While NASA and other space agencies keep their telescopes trained on near-Earth objects that could smash into us, we don't know how to prevent an impact. Here are some of the best (and weirdest) ideas for protecting Earth from incoming asteroids.

How to Prevent an Asteroid Impact and Look Good Doing It

There's actually a federal mandate that says NASA has to discover all near-Earth objects (NEOs) at least 140 meters in size by 2020. The problem is, no one's bothered to fund this mandate, so it's really an impossible job. For the time being, astronomers use existing space observatories to look for NEOs when they can. The Wide-field Infrared Survey Explorer (WISE) just spotted a previously unseen asteroid earlier this week – the kilometer wide rock won't get close to Earth for a few hundred years, but there are plenty more just like it.

If a large asteroid were spotted heading straight for a populated region of Earth tomorrow, what would we be able to do about it? Not much. There's no concrete plan to destroy or deflect a NEO ready to put into action on short notice. Scientists have plenty of ideas, though. Here are some of the best, rated 1-10 on the Michael Bay Explodiness Scale (BES).

Gravity Tractor — BES Rating: 2. Using a gravity tractor to move a large space object would work, but it would be a long, slow, boring process. You simply send the largest craft possible out to the oncoming asteroid and park it next to it (or in orbit around it). With the proper positioning, the gravitational pull of the craft incrementally nudges the asteroid away from its original path, thereby missing Earth. It would take ten years or more, so the key here is early detection. There are rockets involved, and possibly an ion beam, but it's not especially explodey.

Ballast Tether — BES Rating: 1. This another slow, incremental way to change an asteroid's orbit away from an Earth-intersecting path. You send a mission up to the asteroid, and find another asteroid nearby. Then, attach a massive tether connecting the two – and by massive, around 1,000 km would be the minimum. A 100,000 km tether has been proposed. This would make the asteroid and ballast into a "compound object" with a very different center of gravity from the lone asteroid. The difference in gravitational effects would pull them into a different orbit. While not very explodey, this kind of plan feels like it's straight out of a hard sf novel.

Run Away — BES Rating: 10. Government officials refer to this as the Civil Defense plan. You don't try to deflect or destroy the asteroid, you just evacuate the area where it's going to strike. It takes a good evacuation plan, plus the means to deal with potentially millions of refugees. It really only works with small to moderate size NEOs, but it still gets a ten on the Bay Explodiness Scale because it would literally recreate a scene that happened in an actual Michael Bay movie.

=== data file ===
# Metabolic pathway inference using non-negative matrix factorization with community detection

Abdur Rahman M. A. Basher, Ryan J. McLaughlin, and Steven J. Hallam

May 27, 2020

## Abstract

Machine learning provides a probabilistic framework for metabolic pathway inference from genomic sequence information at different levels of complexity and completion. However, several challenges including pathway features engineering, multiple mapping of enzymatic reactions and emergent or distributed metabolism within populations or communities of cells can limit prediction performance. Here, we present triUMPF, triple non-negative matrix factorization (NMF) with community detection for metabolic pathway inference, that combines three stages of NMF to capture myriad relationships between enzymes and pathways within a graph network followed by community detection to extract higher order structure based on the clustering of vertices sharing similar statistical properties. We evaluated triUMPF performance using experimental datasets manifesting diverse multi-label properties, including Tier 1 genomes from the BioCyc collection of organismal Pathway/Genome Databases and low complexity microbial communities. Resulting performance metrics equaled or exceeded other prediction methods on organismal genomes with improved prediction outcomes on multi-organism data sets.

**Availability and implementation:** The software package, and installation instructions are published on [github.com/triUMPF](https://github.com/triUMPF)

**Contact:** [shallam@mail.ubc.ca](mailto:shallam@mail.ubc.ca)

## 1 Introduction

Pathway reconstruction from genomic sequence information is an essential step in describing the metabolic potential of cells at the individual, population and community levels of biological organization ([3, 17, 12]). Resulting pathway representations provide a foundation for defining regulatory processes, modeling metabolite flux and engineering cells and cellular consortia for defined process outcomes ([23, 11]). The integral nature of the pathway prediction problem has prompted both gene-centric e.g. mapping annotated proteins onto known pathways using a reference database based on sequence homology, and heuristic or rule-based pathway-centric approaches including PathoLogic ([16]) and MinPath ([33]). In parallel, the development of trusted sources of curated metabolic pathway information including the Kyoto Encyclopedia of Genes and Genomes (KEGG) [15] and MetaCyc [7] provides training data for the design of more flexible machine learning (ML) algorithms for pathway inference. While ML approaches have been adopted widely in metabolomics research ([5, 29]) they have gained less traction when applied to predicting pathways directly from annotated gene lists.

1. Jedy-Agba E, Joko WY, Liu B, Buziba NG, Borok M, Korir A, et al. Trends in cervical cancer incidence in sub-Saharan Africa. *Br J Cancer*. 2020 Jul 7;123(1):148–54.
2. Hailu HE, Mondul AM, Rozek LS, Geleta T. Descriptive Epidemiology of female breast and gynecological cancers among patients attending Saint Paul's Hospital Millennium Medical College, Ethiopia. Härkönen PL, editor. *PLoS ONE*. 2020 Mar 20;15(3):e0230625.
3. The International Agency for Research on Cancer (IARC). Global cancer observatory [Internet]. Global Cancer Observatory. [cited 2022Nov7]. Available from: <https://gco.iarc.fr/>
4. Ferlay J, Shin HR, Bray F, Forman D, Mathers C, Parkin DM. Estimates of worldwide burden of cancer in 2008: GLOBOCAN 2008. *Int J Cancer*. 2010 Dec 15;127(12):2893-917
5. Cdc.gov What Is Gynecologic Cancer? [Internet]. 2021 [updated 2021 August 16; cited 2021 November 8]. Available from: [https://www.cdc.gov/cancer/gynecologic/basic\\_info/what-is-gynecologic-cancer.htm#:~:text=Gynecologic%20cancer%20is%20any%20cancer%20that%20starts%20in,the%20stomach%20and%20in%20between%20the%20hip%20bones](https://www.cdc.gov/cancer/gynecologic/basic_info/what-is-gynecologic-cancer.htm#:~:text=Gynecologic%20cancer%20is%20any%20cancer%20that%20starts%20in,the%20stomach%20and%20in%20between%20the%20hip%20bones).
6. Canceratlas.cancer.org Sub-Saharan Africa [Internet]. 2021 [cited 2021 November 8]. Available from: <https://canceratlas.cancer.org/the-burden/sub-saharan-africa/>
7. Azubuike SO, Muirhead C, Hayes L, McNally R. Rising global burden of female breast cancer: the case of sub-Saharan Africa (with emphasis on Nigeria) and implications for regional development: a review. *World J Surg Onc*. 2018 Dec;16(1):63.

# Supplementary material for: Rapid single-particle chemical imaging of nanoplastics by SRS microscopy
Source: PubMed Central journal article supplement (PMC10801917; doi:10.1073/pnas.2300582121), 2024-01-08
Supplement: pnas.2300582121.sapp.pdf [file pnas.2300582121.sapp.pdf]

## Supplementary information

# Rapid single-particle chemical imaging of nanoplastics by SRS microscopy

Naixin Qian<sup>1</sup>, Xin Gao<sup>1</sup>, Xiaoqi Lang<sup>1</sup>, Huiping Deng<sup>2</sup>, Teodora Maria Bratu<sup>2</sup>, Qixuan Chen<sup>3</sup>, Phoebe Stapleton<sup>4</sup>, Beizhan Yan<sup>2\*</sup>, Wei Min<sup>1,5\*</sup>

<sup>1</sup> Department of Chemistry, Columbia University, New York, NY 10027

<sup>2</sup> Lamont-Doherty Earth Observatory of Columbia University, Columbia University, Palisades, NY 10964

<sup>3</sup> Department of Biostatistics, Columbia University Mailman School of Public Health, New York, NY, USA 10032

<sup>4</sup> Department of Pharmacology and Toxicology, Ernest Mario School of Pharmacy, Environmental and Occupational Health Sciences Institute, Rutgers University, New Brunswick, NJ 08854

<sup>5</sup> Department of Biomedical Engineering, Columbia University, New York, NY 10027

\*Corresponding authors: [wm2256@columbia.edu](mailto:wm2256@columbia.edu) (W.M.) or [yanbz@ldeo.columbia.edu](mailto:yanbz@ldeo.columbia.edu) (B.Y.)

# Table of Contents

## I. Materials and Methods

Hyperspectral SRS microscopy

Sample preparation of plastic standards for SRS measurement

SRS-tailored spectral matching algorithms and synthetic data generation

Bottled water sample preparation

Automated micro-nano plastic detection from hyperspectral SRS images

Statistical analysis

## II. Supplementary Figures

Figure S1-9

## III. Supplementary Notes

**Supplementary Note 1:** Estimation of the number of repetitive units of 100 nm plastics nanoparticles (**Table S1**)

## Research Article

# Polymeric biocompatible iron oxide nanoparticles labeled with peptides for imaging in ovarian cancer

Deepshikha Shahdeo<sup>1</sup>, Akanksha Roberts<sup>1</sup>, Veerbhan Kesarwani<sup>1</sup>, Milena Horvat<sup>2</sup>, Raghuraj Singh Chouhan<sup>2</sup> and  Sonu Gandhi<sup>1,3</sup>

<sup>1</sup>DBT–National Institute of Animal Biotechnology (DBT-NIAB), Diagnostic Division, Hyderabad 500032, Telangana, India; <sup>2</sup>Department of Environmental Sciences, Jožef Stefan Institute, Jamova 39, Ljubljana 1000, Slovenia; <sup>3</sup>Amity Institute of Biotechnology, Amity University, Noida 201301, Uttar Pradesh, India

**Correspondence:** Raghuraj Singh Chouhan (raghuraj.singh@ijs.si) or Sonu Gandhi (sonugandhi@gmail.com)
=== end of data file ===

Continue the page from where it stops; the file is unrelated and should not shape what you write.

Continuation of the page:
Slow Push — BES Rating: 4. This is another deflection idea. Send a big apparatus up to the asteroid, fasten some rockets to it and start pushing. Again, you need to start early to get enough deflection to matter, but at long timescales, you could possibly use ion drives (which, while technologically awesome, are decidedly less explodey than a massive array of rockets).

Whitewash — BES Rating: 0. It's been proposed that painting an asteroid a different color would change how it's impacted by the solar wind and possibly alter its temperature, changing its density and center of gravity. All this for one very slow, very namby-pamby effort to nudge the asteroid into a safer orbit. According to asteroid destruction expert Michael Bay, "If this is the best we can do, let's just let the damn thing hit us."

Nukes — BES Rating: 9. It's the Armageddon scenario, and is actually considered the best short-term option, despite all the drawbacks. If we find an asteroid that's going to hit Earth in a few months, we've got plenty of nuclear weapons and nuclear weapon delivery systems. Might as well put them to good use. Maybe it blows one big asteroid into a bunch of smaller ones. Maybe some of the nukes don't make it into space and detonate in Earth's atmosphere. Maybe one man will have to sacrifice his life for the good of all humanity. Whatever it takes, man. Only gets a 9 because a bunch of nuclear explosions in space is still not quite as explodey as an asteroid impact here on Earth.

If all this NEO tlak has you feeling a little worried, you can keep track of NASA's NEO-spotting efforts on their official Asteroid Watch page.

Image: NASA/JPL.